What Is Cauda Equina Syndrome?


The cauda equina is a group of approximately 10 nerves and nerve roots located at the bottom of the spinal cord. They communicate with the brain to provide motor and sensory stimulation to the legs, pelvis, bladder, anus, and bowels. Cauda equina syndrome (CES) is a rare but serious disorder that occurs when this nerve bundle becomes compressed or inflamed. CES typically results in a medical emergency that requires urgent surgical intervention to prevent the possibility of long-term paralysis, damage to organs in the pelvic region, neurological issues, difficulty walking, and other physical problems.


The severity of cauda equina syndrome symptoms is dependent upon the extent of nerve compression and inflammation. It can develop suddenly or have a gradual onset of symptoms, and can be difficult to diagnose. Symptoms of CES include, but are not limited to, the following:

  • Bladder or bowel control problems, such as leaking or incontinence
  • Difficulty walking due to changed sensations in the legs, buttocks, or inner thighs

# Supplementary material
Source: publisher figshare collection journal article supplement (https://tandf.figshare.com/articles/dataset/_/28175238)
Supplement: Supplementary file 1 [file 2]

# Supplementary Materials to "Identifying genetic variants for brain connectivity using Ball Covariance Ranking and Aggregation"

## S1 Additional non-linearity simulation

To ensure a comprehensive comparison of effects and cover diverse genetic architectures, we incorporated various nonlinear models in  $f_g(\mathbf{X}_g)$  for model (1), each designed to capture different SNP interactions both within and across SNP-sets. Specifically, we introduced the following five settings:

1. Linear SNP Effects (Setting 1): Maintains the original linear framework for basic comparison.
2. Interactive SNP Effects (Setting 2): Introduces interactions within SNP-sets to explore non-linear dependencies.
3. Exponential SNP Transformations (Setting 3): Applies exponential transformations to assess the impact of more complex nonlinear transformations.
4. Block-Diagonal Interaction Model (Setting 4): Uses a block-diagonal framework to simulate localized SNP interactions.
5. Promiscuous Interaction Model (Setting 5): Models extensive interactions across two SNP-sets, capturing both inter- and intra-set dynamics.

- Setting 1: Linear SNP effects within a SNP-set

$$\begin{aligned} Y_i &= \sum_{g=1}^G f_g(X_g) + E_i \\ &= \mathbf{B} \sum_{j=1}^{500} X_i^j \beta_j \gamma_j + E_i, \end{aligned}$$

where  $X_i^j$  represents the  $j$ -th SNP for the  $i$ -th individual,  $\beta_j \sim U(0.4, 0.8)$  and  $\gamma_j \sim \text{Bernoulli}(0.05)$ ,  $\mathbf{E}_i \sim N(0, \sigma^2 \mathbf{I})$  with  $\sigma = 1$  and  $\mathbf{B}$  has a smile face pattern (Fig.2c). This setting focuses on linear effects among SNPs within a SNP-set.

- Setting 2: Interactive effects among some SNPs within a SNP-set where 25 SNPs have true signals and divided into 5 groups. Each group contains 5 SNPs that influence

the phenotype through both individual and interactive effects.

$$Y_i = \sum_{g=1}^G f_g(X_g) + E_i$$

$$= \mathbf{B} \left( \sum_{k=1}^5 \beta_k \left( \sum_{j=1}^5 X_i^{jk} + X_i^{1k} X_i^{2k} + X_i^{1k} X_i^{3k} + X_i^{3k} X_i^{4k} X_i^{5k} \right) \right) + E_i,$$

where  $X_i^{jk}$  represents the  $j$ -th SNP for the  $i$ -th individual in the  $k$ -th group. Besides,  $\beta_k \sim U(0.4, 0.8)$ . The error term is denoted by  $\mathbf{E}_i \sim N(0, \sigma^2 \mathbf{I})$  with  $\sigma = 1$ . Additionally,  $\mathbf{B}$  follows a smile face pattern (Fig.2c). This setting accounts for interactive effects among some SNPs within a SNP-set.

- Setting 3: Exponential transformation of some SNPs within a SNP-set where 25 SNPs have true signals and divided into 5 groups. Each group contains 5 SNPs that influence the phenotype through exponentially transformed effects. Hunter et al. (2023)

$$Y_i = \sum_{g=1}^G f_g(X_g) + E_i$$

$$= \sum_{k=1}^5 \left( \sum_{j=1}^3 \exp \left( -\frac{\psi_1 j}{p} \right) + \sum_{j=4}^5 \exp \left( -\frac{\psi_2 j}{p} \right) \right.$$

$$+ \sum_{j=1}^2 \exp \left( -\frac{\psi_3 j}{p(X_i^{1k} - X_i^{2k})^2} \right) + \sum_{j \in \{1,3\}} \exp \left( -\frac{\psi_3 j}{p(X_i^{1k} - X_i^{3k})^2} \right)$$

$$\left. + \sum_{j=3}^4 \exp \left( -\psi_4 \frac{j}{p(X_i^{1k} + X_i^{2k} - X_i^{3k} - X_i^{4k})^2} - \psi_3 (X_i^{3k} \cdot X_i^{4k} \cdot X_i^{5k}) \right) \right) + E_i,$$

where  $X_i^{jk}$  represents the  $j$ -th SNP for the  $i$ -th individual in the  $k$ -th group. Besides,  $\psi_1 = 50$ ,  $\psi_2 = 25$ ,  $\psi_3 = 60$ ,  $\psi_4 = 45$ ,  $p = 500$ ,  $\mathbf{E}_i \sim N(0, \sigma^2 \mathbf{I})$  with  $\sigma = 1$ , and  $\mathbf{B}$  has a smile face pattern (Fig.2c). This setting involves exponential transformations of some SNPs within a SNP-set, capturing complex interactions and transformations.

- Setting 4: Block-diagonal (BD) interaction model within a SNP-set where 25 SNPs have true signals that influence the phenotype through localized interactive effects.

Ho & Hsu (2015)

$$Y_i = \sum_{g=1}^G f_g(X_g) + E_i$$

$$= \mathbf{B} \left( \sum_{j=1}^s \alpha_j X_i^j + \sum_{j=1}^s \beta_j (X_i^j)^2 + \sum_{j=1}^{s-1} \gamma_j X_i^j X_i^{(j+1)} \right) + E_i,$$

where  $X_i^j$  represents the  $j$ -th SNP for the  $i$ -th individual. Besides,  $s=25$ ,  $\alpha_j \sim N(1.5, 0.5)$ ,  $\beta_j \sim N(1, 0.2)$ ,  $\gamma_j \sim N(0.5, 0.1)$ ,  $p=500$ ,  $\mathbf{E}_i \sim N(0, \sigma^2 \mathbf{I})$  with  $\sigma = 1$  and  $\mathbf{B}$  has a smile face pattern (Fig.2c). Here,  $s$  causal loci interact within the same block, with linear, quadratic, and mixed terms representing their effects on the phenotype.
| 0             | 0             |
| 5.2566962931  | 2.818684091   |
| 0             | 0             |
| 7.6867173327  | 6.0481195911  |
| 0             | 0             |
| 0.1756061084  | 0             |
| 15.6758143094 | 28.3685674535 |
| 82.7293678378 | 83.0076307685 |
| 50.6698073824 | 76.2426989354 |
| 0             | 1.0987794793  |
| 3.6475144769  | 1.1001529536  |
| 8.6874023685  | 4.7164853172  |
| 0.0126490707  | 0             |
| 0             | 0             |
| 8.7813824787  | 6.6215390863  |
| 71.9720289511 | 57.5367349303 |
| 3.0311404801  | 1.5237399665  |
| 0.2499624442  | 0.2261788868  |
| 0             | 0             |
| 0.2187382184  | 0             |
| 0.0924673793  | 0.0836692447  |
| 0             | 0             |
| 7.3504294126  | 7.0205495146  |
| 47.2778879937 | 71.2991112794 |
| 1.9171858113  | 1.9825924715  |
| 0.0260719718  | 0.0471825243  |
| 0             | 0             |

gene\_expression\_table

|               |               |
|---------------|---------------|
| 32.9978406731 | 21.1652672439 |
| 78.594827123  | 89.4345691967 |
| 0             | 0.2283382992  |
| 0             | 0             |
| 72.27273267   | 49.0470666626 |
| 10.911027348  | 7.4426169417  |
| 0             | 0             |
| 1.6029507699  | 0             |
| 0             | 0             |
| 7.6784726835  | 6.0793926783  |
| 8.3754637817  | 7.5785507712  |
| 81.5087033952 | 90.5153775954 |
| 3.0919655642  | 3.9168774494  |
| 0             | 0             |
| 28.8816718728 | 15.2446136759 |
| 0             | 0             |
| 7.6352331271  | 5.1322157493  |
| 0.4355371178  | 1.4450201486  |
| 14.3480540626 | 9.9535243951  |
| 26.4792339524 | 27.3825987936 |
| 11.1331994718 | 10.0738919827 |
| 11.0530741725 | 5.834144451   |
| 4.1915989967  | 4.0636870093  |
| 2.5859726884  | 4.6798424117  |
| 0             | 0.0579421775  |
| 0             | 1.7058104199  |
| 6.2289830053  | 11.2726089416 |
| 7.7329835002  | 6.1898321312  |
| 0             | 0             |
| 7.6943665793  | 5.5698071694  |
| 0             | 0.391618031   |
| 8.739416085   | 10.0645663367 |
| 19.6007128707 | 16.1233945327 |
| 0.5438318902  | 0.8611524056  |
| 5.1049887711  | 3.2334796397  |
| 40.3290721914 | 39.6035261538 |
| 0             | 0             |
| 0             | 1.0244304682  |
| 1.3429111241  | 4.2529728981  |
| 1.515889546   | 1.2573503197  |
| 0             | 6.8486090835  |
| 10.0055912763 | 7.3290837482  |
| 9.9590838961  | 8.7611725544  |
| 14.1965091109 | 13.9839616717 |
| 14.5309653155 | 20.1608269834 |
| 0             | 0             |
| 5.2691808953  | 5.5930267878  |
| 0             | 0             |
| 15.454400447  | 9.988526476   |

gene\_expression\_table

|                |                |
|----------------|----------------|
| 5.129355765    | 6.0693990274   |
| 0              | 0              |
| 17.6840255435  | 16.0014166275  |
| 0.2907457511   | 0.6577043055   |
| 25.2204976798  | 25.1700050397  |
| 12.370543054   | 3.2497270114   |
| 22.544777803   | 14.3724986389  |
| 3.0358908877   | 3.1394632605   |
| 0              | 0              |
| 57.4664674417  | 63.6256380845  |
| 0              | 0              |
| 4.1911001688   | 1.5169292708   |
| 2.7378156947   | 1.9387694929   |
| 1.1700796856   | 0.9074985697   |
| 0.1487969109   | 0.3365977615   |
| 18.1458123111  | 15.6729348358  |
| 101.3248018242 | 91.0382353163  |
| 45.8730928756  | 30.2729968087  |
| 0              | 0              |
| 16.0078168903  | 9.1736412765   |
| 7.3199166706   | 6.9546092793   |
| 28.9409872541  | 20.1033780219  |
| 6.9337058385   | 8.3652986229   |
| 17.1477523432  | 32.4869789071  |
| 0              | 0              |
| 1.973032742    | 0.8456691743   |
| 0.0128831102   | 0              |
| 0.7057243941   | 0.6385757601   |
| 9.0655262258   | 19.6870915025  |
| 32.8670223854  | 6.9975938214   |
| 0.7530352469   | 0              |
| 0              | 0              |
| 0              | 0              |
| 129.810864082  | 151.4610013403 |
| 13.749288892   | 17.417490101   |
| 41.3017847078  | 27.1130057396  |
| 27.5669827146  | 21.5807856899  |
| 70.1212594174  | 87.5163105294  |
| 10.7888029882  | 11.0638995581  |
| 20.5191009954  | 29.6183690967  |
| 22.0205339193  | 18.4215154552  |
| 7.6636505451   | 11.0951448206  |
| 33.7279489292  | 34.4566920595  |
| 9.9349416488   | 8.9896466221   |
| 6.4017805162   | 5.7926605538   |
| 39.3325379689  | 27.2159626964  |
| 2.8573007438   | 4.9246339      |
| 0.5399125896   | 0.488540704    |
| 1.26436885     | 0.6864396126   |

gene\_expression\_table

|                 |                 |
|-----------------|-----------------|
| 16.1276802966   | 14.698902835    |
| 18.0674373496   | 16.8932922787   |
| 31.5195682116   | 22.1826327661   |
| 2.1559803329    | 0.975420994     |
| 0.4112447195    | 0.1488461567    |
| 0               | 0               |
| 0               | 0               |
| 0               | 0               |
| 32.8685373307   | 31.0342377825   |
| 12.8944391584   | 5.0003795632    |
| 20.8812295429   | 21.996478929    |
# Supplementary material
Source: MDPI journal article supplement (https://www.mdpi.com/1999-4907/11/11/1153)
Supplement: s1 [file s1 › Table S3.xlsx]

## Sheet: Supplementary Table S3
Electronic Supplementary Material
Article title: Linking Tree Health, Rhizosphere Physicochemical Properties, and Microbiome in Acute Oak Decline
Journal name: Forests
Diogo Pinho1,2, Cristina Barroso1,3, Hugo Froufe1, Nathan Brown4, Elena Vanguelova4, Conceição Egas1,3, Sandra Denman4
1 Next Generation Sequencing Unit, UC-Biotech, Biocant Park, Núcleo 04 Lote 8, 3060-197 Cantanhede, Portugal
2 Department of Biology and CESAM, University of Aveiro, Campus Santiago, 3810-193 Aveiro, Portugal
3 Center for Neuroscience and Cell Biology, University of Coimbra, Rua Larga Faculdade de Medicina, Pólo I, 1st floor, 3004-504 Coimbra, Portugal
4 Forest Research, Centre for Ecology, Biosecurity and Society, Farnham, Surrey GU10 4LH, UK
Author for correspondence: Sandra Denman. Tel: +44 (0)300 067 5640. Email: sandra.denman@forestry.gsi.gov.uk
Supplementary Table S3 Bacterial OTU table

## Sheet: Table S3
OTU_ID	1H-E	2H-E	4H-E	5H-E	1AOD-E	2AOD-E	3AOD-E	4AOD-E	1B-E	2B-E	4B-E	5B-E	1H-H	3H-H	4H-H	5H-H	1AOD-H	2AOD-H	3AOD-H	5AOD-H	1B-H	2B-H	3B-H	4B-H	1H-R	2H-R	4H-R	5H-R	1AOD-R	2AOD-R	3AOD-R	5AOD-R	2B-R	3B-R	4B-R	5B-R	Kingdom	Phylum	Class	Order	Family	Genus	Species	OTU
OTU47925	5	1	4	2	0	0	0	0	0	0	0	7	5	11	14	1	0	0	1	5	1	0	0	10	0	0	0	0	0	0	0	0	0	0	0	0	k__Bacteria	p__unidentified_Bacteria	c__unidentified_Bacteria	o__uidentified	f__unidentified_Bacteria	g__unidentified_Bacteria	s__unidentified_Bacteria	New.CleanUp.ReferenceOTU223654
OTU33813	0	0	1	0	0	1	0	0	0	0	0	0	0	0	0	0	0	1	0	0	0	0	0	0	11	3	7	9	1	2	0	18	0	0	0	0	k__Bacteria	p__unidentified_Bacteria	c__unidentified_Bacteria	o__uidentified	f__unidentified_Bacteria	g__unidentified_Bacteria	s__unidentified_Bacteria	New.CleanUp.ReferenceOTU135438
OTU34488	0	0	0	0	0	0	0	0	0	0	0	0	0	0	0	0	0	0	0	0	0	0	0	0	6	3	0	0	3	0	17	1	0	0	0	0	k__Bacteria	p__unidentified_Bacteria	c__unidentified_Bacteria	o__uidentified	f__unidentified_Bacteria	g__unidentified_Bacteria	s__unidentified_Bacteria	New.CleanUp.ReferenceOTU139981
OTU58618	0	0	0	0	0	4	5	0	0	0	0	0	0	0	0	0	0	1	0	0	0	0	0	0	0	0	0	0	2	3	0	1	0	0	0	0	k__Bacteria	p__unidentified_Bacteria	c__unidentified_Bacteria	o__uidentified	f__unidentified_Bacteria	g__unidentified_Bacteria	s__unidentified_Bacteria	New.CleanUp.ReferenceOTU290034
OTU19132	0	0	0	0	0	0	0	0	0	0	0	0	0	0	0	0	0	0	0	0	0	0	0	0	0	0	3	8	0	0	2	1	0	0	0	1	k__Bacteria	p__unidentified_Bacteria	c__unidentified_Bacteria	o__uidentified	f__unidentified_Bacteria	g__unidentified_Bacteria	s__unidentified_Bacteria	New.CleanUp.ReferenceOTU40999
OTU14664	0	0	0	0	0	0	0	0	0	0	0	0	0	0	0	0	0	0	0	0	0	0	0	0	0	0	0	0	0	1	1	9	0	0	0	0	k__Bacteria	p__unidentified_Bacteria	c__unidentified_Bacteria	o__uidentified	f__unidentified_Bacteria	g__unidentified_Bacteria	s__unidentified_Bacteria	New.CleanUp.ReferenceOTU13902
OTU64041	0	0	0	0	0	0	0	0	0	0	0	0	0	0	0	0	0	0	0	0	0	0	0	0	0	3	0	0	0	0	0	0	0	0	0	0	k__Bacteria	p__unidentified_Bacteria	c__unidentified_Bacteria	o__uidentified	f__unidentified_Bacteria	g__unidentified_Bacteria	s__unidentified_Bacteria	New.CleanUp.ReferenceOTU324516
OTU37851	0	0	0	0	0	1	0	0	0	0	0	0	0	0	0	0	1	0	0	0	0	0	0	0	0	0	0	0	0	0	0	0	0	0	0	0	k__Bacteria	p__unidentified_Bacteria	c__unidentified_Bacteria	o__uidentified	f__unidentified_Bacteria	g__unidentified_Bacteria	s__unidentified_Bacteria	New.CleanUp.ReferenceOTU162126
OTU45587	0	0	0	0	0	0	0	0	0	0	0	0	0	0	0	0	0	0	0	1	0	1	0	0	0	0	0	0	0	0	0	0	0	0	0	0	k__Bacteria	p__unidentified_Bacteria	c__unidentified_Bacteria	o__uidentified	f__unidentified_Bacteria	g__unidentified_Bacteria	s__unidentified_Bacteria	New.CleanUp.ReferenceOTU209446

• Lower extremity paralysis
  • Numbness, weakness or pain in one or both legs, hips, inner thighs, buttocks, or feet
  • Reflex issues
  • Severe lower back pain
  • Sexual dysfunction
  • Urinary retention


There are numerous reasons for cauda equina nerve roots to become compressed and inflamed. Causes of CES include, but are not limited to, the following:

  • Birth defect, such as arteriovenous malformation
  • Injury to the lumbar spine, such as a car crash, gunshot wound, stabbing, or fall
  • Ruptured or herniated disc in the lumbar area (most common cause)
  • Spinal infection, hemorrhage, fracture of inflammation
  • Spinal lesion or tumor
  • Spinal stenosis (narrowing of the spinal canal)

Risk factors

Cauda equina syndrome is more likely to occur in adults; however, children who are born with a spinal birth defect or have a spinal injury can also develop CES. Other risk factors include, but are not limited to, the following:

  • A genetic predisposition for a herniated disc
  • Athletes who participant in high-impact sports
  • Careers requiring heavy lifting, twisting, pushing or bending
  • Obesity or being overweight
  • Previous or current severe back injury, such as with a car accident or fall
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